The kids help out a lot, walking through the yards to check the containers at the taps on 30 maples and pouring the clear watery sap into a collection bucket two or three times a day. When the weather is right – cold nights and warm days – the sap runs fast. That means the K’s have to keep the propane stoves burning to cook off the water in the sap, leaving the rich, sugary stuff behind. The early sap runs produce light, honey-like syrup, while later in the season the syrup gets darker and more intensely flavored. By the end of the season, the K's will have made about 5 gallons of syrup. That’s a lot of pancakes.
When I first learned how simple it is to tap a tree, and that the sap is just cooked down to produce the same syrup I buy at the grocery store for nearly $20 a quart, I was ready to order my own tap from Amazon and sink it in my backyard maple tree. But maple syruping is a serious commitment – did you get that the ratio of sap to syrup is at least 45 to 1?! For a significant harvest, you are talking hours, days, evenings of cooking sap. And it all depends on the weather.
|The kids help collect the sap.|
And that’s why I admire the K Family so much. They’ve decided this is important for their family, and they involve their children in the process, too. It creates plenty of time for playing outside with the kids and dogs and working on other projects while keeping an eye on the sap.
|Late season syrup dark and rich.|
And, perhaps my favorite part, maple syrup time draws neighbors and friends, especially the ones contributing sap, who stop by to check on the progress, share a beer or just chat. On a recent Sunday afternoon, the gathering was like a neighborhood block party. Not something you always see in late February. And of course everyone leaves with a jar of syrup.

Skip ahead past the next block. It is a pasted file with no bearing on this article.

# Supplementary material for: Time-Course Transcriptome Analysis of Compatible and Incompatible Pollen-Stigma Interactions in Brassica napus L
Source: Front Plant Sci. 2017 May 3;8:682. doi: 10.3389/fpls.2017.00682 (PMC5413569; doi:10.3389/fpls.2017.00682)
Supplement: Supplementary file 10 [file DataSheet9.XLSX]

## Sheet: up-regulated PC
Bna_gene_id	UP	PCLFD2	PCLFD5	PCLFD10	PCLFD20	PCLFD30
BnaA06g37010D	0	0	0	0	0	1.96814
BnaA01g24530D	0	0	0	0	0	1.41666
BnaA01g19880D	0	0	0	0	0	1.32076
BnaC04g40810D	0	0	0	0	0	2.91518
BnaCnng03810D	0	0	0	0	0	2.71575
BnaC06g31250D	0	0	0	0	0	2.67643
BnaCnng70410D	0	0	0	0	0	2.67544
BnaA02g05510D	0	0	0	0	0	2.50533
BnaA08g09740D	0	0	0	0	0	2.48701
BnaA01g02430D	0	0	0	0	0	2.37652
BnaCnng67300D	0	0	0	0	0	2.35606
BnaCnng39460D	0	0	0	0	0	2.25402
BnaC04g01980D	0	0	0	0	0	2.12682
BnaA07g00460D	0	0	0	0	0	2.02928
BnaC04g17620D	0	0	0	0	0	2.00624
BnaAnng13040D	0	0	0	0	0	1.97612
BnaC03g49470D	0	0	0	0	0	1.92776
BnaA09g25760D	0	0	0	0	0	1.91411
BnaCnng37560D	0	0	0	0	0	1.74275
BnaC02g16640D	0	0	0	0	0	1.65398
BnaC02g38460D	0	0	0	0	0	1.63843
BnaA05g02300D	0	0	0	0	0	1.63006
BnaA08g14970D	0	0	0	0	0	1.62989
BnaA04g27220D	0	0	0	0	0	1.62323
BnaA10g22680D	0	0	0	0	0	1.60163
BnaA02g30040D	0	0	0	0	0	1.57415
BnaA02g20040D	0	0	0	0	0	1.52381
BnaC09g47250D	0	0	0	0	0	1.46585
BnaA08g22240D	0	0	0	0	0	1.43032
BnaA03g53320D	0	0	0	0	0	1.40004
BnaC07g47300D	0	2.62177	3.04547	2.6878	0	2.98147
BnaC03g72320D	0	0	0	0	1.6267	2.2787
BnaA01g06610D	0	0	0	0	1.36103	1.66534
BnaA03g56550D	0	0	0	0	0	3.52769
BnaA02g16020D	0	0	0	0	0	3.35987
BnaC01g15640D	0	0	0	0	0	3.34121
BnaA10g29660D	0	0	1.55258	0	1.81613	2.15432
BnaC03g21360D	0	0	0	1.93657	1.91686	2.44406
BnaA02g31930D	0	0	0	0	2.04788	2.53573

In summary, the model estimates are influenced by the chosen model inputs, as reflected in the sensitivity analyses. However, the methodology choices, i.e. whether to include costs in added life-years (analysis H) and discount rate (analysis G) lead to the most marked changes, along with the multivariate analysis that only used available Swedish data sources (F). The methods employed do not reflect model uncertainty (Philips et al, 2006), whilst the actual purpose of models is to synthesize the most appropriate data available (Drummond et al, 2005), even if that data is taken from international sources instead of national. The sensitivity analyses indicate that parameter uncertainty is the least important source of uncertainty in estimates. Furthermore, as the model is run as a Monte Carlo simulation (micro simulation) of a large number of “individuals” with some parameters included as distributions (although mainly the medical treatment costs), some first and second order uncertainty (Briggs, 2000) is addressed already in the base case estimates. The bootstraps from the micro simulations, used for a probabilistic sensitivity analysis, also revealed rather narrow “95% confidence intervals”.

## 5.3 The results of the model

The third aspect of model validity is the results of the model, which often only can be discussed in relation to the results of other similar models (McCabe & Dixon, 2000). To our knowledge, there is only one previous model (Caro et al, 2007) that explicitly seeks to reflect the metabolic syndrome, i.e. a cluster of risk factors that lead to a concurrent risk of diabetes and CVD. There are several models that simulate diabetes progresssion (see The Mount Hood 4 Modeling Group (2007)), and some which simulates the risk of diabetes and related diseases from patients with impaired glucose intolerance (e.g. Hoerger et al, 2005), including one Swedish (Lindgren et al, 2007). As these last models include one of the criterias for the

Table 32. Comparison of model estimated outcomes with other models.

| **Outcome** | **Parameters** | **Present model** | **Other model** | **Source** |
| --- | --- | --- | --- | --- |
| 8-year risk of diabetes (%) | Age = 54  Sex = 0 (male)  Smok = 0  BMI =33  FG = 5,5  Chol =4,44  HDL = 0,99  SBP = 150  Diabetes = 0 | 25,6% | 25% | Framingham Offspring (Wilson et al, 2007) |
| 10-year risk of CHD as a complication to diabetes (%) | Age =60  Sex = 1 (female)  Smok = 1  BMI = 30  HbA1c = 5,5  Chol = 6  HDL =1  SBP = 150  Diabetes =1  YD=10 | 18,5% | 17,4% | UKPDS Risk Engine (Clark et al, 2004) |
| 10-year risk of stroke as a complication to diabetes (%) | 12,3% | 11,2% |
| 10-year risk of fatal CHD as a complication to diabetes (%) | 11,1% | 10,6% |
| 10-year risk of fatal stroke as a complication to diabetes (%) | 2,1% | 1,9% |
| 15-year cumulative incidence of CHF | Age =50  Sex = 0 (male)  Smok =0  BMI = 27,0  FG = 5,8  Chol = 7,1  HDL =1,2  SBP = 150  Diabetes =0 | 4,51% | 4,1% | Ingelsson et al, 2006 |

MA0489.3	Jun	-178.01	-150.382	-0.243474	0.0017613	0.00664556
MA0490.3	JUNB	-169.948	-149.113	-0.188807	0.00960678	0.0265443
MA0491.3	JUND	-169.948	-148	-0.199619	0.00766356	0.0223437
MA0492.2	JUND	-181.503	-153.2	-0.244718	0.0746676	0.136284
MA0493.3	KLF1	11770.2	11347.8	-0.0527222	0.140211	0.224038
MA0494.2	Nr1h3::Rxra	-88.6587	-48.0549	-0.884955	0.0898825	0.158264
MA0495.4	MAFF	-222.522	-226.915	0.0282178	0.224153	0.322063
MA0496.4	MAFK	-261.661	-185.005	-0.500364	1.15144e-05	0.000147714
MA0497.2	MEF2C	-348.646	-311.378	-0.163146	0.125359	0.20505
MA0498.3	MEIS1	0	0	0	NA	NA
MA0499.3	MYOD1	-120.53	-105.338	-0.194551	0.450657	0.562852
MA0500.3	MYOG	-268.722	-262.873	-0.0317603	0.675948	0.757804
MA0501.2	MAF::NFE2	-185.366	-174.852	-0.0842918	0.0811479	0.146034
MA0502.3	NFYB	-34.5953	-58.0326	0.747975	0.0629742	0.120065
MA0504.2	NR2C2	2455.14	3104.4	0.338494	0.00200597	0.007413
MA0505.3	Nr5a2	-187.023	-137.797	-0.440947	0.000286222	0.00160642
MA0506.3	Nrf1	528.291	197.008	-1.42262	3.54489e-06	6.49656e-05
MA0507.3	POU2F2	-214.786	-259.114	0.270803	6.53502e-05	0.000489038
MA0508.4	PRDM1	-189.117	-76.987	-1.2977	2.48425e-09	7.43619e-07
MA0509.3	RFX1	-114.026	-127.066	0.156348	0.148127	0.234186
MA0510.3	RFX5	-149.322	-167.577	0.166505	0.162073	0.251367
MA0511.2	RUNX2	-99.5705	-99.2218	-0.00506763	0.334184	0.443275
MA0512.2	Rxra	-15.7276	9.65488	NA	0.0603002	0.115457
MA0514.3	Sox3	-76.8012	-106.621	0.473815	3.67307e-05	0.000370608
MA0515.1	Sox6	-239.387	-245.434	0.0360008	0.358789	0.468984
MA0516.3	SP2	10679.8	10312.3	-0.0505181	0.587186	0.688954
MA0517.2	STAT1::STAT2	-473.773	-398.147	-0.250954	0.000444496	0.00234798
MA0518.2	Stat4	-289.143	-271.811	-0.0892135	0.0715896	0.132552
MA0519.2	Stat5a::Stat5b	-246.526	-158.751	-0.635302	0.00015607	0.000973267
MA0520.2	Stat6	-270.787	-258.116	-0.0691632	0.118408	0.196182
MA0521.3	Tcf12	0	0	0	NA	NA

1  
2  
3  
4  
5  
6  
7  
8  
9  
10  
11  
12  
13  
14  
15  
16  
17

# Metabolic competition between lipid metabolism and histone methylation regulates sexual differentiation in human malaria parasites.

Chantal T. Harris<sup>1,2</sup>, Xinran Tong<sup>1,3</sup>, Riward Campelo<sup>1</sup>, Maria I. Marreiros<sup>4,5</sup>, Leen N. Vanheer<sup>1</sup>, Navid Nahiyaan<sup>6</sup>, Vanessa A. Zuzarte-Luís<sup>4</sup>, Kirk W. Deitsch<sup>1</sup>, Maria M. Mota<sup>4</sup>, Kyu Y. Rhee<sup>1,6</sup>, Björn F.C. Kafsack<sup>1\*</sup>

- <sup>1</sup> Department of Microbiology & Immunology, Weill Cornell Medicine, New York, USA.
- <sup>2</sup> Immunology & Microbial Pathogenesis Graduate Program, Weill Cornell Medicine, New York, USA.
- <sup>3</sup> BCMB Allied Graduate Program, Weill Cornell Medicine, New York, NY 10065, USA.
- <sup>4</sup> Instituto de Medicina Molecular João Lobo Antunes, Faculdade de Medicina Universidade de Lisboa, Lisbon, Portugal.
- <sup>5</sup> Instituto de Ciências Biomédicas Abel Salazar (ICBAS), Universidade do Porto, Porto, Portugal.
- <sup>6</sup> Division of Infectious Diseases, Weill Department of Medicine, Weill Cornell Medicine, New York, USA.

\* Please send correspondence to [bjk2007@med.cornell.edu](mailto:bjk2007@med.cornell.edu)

Thank you for letting me join in the fun, K Family!
Wednesday, March 16, 2016
I brought out this Winter Terrarium idea on a day when Younger Son had a friend over, and the two of them were killing me in a game of war-hide-and-seek-tag. They made it up, and kept changing the rules. I needed to rest. Since Kindergartners like digging in dirt almost as much as running around, this was a hit.
What we used: Plastic containers with lids (like the transparent boxes used to package salad greens), potting soil, soil from the ground, wild plants, zinnia seeds.
We filled the containers with a mix of potting soil and dirt the kids dug from the ground. We walked into the wooded area behind our house and plucked out plants. It was still winter, so we found grasses, vines, mosses and others that retained some leaves and green stems through the winter (we stayed far away from poison ivy). The idea was to see, if we brought the plants inside where it was warm, would they start growing again? We also added a few seeds, which I knew would do okay.